When Can a Baby Have Ice Cream?

Medically Reviewed by Dan Brennan, MD on April 14, 2023
4 min read

When you begin to offer your baby solid food around six months, you introduce them to a variety of tastes, flavors, and textures. Before you begin, it’s important to know how to safely introduce allergen foods. 

Ice cream may seem like a fun food choice, but added sugar makes it unhealthy for your growing tot. While it is safe for your baby to consume ice cream after six months of age, the CDC recommends waiting until 24 months to include added sugars in your baby’s diet. 

You should only introduce one new food at a time to your baby. By doing this, you can pinpoint an allergic reaction if they have one. Since dairy allergies are common, this is especially important when offering ice cream to your baby.

If you decide to offer ice cream to your child, be sure to read labels and make sure you avoid two specific ingredients:

  • Honey. This is not safe before 12 months old because your baby may contract a type of food poisoning called botulism.
  • Added sugar. Many yogurts have sweeteners added, so avoid artificial sweeteners.

You can also watch for these signs of an allergic reaction:

  • Vomiting
  • Diarrhea
  • Skin rash
  • Swelling around the lips or eyes

While the CDC recommends against added sugars, you can find healthy alternatives to more popular ice cream choices. Try to pick an ice cream for your baby that is low in added sugar and doesn’t have ingredients like nuts that may pose a choking hazard. 

Ice cream is often classified as a dairy product since it is high in calcium, which is good for building strong bones. However, ice cream is more of a dessert since it usually has a lot of added sugar.

One serving of your average vanilla ice cream contains 21 grams of added sugar, which equates to about 1.5 tablespoons of sugar. While this may not seem like a lot to you, it is a lot for your baby’s smaller stomach and young digestive system.

If you still want to offer your baby a cold, sweet treat, consider frozen yogurt instead. Of course, you’ll still need to read the ingredient labels, but you may be able to find a healthier alternative to traditional ice cream. 

If you find an ice cream that is safe to offer your baby, consider adding fresh fruit for added taste and sweetness. Chop or mash fruits to make sure the pieces are small enough so there is low risk of choking. 

Great fruits to add to yogurt include:

  • Strawberries
  • Blueberries
  • Peaches
  • Banana

You may also stir in a spoonful of nut butter like peanut, almond, or cashew butter. If you choose to do this, ensure that your baby hasn’t previously had an allergic reaction to the nut butter. You can spoon-feed your baby or let them hold the spoon and try to feed themselves.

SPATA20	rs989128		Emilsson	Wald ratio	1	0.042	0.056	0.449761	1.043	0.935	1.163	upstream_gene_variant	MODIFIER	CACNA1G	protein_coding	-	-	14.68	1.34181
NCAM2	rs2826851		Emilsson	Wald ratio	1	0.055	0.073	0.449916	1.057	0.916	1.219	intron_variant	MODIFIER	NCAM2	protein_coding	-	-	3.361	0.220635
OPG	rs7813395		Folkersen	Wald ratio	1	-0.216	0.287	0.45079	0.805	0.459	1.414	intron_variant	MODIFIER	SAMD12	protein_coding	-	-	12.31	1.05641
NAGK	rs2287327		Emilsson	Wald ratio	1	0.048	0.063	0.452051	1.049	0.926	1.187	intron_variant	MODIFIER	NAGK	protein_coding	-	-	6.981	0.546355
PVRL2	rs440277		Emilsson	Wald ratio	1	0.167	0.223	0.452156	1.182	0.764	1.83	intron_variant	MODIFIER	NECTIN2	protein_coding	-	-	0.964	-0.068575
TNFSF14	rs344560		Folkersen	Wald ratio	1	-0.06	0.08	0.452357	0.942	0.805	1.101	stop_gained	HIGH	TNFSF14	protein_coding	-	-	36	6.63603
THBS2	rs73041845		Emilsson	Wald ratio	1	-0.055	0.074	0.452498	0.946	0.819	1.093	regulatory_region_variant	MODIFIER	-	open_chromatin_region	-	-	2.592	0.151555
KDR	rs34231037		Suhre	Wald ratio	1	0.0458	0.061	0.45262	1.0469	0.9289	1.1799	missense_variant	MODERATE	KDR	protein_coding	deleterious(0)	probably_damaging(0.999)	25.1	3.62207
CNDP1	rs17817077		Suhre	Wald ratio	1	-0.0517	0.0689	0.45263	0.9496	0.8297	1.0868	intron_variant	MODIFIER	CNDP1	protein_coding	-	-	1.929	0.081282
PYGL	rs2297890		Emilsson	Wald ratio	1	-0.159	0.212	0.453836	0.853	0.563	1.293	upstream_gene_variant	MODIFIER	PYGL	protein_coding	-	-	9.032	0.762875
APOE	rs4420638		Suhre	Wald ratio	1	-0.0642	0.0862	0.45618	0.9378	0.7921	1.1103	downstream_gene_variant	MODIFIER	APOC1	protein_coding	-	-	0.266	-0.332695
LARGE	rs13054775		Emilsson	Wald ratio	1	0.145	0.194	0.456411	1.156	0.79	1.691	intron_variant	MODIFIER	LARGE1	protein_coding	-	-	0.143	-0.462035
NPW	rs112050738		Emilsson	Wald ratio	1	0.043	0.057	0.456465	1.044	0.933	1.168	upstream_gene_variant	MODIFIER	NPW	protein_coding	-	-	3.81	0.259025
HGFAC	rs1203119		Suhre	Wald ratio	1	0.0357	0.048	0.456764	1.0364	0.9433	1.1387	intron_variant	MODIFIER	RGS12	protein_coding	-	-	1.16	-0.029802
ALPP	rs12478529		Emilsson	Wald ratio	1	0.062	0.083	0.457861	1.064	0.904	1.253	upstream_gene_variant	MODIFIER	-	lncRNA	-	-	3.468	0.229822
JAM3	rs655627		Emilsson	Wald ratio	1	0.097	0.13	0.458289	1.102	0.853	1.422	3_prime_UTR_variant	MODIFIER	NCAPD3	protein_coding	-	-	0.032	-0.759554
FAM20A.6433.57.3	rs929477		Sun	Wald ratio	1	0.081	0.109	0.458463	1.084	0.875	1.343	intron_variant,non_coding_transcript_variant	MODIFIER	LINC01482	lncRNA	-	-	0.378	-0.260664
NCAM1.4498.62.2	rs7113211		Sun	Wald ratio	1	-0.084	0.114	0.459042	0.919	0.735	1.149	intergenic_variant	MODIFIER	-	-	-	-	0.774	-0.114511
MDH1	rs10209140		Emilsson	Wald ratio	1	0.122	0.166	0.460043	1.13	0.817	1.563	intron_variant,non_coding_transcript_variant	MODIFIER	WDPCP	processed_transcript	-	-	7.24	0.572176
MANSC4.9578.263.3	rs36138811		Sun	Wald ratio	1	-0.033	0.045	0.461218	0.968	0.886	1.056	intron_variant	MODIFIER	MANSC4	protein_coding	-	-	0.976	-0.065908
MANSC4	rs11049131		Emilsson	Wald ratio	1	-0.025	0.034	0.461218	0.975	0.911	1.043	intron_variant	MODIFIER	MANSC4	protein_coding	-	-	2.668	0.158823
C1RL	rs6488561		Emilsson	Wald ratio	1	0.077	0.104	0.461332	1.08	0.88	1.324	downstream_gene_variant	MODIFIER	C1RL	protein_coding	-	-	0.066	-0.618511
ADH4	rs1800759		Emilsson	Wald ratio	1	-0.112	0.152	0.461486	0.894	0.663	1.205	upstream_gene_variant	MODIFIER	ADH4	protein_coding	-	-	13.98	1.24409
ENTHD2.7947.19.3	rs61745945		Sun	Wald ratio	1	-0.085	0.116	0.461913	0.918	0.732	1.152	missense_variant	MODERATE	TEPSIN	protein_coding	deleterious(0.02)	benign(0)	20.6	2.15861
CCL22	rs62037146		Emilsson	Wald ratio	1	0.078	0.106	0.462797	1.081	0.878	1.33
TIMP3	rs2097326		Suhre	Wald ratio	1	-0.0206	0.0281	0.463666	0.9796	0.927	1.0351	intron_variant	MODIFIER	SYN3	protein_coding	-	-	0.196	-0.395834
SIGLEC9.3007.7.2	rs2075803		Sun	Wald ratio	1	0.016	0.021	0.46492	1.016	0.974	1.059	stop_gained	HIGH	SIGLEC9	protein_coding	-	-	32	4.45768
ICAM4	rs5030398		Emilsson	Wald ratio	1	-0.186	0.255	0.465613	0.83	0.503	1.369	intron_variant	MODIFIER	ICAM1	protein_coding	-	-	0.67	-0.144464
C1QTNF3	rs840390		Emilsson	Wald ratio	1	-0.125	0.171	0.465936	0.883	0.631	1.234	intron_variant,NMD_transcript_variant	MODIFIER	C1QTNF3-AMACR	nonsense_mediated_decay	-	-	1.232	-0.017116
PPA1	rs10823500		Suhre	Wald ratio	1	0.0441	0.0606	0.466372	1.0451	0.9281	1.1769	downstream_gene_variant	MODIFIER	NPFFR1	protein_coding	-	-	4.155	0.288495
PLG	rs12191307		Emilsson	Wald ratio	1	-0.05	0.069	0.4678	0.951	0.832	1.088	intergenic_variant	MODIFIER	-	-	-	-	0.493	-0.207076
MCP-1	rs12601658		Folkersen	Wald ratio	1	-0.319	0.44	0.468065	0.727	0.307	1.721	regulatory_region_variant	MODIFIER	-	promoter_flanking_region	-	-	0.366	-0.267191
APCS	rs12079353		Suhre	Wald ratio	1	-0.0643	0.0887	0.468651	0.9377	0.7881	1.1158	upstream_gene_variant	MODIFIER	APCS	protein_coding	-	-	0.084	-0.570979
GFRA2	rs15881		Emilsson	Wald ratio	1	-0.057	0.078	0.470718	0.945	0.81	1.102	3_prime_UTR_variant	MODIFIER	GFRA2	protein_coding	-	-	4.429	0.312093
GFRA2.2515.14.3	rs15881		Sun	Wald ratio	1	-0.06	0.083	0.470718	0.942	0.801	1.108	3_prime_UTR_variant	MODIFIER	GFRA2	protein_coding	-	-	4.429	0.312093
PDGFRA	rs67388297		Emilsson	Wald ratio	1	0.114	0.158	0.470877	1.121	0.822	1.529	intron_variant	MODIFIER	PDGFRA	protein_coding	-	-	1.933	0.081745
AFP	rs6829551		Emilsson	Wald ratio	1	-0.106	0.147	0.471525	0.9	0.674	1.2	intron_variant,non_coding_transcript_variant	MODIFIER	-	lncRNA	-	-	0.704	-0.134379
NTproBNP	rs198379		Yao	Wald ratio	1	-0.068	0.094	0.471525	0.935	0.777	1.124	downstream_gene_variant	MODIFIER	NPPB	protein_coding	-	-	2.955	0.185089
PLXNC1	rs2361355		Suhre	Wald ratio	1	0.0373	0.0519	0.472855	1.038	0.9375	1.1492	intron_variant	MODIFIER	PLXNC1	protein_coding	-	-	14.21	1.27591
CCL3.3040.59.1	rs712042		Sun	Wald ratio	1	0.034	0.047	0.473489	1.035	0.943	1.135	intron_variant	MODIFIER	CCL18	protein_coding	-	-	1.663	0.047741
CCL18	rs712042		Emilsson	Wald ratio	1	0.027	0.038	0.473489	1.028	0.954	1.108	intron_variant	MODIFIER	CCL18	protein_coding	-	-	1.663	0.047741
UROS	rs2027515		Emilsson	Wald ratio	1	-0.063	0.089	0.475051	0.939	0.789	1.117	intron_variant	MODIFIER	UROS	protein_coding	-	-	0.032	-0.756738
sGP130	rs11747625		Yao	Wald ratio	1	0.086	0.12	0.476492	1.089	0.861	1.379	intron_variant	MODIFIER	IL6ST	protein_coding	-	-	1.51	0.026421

Before offering solid food, ask these questions:

  • Can my baby hold their head up independently? This is an important developmental milestone for eating solid food.
  • Are they interested in eating? Your baby may watch you eat with interest, and they may even try to grab your food and taste it. When you offer them a spoon, they should open their mouth to eat.
  • Can they move food to their throat? If you offer a spoon with food, your baby may push it out with their tongue first. This is called the tongue-thrust reflex. With time, your baby will learn to use their tongue to push the food to the back of their mouth and swallow.
  • Are they big enough? Your baby should be double their birth weight and at least 13 pounds before beginning solid foods.

Offer a variety. As your baby starts to eat solid foods, they need variety in their diet. This helps ensure they are receiving all of the nutrients they need, and it also helps expand their palate for new tastes. 

Once you introduce a new food to your baby, try to offer it to them again at least twice a week. Your baby watches you as they are learning to eat, so make sure you offer the same foods the rest of the family is eating for encouragement.

Consider allergens. By the time your baby is twelve months old, they should be introduced to each of the common allergy foods:

  • Cooked egg
  • Creamy peanut butter
  • Cow’s milk (dairy)
  • Tree nuts (such as cashew or almond paste)
  • Soy
  • Sesame
  • Wheat
  • Fish and other seafood

By introducing these foods early in life, you can reduce your baby’s chance of developing food allergies. Only introduce one new food at a time so you can monitor your baby’s response to the food in case of an allergic reaction. 

If you suspect an allergic reaction, make notes about what happened and talk to your child’s pediatrician.